Let your speech always be gracious, seasoned with salt, so that you may know how you ought to answer each person, Colossians 4:6.

Unfortunately, I tend to get distracted, looking for answers to my problems in all the wrong places.  Instead of finding comfort, joy and peace, I regularly experience disappointment.  According to the apostle Paul, there is only one source who leads to peace, Philippians 4:6-7.  However, Jesus told his disciples the only way to find life is lose it.  Anyone not one hundred percent devoted to God has a tendency to go back to the ways of the world when hardship or suffering arises.  Therefore, if you’re tired of uncertainty, start looking upward toward heaven instead of within .

by Jay Mankus

 

 

Waiting for Superman to Arrive

William Shakespeare wrote about lovers whose deaths reconciled two feuding families.  When tragedy strikes Romeo and Juliet, readers feel the pain of this story.  Shakespeare borrowed from an Italian tale adding his own spin to his famous novel taught in American English classes.  Yet, like anything in life, people change, evolve and learn to adapt.  If a similar classic was crafted today, the title would read something like Waiting for Superman to Arrive.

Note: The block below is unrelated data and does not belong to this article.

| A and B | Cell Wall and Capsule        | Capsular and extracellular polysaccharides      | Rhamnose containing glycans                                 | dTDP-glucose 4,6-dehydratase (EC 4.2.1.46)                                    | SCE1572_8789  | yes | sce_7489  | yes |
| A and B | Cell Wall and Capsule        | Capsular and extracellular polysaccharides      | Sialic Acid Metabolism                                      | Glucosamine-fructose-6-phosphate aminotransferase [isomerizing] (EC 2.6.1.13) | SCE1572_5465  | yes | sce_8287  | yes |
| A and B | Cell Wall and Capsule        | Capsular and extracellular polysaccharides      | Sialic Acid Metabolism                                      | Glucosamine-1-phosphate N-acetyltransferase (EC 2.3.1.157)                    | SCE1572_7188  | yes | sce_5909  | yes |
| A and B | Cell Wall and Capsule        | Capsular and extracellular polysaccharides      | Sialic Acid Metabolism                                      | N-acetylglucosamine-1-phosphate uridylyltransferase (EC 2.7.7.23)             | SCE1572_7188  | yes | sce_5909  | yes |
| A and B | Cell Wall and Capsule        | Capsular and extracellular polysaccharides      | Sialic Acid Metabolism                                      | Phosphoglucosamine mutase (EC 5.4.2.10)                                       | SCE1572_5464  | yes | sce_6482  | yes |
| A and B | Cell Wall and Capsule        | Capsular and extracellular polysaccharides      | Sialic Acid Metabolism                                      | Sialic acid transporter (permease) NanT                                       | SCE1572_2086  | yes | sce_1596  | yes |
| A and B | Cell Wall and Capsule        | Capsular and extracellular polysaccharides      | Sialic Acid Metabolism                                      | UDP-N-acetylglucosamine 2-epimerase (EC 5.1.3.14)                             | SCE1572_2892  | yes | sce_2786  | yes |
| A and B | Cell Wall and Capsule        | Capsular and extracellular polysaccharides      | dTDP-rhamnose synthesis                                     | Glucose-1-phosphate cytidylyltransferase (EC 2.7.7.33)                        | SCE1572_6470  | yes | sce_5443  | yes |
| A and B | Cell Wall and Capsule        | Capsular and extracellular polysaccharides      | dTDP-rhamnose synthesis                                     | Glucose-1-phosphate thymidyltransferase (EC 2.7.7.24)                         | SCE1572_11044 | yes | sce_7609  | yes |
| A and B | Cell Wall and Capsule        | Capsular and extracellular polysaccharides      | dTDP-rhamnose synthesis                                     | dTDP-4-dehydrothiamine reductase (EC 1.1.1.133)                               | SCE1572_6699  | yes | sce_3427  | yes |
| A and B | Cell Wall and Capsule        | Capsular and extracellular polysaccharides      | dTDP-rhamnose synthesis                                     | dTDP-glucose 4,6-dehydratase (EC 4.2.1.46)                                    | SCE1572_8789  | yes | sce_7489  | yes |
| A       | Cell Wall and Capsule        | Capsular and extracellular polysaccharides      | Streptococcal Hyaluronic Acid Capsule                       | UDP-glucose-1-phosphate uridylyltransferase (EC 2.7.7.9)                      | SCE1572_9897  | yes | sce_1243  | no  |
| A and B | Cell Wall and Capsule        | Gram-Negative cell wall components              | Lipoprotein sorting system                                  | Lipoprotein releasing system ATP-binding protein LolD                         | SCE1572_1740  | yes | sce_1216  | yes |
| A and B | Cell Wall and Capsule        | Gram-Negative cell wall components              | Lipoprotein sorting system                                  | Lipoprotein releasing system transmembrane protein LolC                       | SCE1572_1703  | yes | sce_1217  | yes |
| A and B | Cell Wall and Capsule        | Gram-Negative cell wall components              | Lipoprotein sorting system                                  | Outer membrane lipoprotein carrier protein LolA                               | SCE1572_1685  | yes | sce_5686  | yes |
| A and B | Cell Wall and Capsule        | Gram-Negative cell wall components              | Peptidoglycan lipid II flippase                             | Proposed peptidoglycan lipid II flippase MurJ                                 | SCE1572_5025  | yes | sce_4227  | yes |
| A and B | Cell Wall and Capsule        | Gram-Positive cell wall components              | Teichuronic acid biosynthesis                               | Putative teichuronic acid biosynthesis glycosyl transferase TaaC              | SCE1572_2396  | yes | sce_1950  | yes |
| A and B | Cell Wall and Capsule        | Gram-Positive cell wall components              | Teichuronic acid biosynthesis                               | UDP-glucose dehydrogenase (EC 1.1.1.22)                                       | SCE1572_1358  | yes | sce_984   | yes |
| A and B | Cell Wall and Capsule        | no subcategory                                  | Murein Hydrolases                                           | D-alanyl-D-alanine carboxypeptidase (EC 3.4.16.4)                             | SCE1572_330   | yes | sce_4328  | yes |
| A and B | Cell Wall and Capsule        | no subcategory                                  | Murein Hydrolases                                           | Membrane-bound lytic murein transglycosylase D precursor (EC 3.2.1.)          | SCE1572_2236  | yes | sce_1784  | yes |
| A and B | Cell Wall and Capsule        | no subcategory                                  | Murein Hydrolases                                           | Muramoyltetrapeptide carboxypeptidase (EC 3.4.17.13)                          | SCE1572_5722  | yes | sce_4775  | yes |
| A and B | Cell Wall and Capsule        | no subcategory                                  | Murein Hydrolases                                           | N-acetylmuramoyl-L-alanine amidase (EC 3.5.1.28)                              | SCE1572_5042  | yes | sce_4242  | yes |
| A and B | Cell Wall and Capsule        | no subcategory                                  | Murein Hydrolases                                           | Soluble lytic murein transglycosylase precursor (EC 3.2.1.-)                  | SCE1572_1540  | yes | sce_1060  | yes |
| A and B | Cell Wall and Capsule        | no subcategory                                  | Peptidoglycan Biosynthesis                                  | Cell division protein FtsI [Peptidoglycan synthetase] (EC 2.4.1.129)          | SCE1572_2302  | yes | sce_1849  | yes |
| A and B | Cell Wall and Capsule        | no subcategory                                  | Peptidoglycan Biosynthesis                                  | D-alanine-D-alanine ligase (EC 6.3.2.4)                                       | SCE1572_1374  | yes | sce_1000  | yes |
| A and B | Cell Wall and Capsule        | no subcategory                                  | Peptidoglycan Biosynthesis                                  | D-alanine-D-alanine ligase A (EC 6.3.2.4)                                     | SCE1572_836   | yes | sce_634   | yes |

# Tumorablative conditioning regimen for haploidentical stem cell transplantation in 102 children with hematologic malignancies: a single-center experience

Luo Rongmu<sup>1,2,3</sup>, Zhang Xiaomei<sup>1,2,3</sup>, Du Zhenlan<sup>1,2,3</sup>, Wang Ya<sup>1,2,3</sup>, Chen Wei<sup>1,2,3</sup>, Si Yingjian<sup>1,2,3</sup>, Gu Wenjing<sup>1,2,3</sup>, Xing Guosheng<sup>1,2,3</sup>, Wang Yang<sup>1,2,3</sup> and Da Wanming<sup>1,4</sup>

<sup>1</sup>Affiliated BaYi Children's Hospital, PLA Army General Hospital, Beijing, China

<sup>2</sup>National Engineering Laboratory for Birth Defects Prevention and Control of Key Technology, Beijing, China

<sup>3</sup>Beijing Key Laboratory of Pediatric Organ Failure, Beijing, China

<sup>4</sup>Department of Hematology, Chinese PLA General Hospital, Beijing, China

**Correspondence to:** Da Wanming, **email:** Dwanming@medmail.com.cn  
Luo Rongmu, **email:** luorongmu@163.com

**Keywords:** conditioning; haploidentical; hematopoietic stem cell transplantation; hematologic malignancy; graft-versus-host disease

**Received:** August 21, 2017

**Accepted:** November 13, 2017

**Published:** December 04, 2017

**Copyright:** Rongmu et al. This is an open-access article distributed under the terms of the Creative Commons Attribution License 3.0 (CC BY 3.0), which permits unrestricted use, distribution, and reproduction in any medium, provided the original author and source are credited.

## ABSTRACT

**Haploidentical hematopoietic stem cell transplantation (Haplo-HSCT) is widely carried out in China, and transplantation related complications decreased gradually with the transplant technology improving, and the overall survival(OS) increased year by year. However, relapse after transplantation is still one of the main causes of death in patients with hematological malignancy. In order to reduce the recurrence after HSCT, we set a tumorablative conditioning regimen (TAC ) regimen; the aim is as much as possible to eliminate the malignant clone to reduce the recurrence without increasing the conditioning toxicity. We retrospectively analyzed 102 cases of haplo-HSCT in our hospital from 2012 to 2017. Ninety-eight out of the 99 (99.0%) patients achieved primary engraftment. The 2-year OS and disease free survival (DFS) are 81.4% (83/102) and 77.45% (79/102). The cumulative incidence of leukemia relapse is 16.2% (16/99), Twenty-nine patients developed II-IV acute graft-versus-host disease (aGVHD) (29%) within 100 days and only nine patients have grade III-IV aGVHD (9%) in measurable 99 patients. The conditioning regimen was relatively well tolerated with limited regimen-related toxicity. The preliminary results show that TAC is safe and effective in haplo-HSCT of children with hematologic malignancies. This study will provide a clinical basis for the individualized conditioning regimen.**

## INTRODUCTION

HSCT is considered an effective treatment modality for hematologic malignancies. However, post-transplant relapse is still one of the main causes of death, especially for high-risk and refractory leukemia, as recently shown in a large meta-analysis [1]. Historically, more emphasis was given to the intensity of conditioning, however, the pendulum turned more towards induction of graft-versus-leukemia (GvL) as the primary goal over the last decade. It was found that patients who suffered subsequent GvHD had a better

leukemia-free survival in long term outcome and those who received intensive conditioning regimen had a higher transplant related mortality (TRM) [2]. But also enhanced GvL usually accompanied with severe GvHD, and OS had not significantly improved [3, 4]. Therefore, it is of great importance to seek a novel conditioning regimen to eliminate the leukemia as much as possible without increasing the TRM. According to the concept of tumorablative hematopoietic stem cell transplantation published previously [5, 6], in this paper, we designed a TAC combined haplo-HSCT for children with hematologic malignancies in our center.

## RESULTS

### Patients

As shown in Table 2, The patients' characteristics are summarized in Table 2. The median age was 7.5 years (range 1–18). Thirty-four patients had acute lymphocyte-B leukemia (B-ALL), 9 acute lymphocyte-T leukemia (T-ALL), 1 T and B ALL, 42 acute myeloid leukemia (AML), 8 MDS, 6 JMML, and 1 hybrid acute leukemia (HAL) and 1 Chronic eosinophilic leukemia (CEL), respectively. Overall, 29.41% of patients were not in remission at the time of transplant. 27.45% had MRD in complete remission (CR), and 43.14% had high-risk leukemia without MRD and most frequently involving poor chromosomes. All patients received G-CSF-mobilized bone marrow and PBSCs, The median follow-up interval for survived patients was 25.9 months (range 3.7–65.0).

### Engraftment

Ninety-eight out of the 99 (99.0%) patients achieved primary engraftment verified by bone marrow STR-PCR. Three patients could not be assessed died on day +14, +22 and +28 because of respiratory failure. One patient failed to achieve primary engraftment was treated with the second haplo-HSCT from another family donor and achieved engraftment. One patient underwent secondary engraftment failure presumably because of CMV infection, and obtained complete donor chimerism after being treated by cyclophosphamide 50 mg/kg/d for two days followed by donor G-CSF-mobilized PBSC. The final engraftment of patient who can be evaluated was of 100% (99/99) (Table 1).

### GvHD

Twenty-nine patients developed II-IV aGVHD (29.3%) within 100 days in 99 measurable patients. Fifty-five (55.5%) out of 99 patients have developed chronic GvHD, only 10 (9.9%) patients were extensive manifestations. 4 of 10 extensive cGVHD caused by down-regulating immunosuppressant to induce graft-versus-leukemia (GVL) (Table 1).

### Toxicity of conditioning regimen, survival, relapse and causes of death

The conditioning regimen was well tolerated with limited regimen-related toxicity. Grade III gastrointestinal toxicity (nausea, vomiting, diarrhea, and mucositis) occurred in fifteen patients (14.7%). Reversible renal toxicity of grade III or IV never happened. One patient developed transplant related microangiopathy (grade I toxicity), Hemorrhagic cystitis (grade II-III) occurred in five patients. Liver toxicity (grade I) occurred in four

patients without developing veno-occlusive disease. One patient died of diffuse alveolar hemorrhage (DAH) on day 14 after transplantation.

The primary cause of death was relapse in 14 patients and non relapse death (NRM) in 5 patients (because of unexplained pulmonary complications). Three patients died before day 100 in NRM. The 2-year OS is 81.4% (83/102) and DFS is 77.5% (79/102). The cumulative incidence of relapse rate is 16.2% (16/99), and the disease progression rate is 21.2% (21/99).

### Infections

The Lord is good to those who wait for him, to the soul who seeks him, Lamentations 3:25.

As millennials become co-dependent on technology, the next generation is in danger of being lulled into complacency.  Sure, it’s nice to be able to keep up with electronic advances, but do you really need a device named after a girl to help you remember things?  Have people become so lazy that you can’t even find a location without asking Alexa or Sery?  This trend breeds individuals to go through life waiting for others to help you out.  Unfortunately, Superman is a comic character who isn’t going to rescue you from the trials of life.

For still the vision awaits its appointed time; it hastens to the end—it will not lie. If it seems slow, wait for it; it will surely come; it will not delay, Habakkuk 2:3.

Don’t get me wrong, waiting isn’t a bad thing.  In fact, the Bible encourages souls to be patient, seeking God as you wait for answers.  Nonetheless, the only Superman in history lived most of his life undercover, serving his community as a carpenter.  Before his departure in the first century, this man spoke of a counselor yet to come, an invisible presence able to direct and guide human hearts.  Instead of sitting back and relying on an electronic voice, it’s time to be proactive.  Therefore, as followers of Christ waiting for the second coming of Superman, Jesus, trust in the Lord so that you will be ready like the good servants in the Parable of the Talents.

by Jay Mankus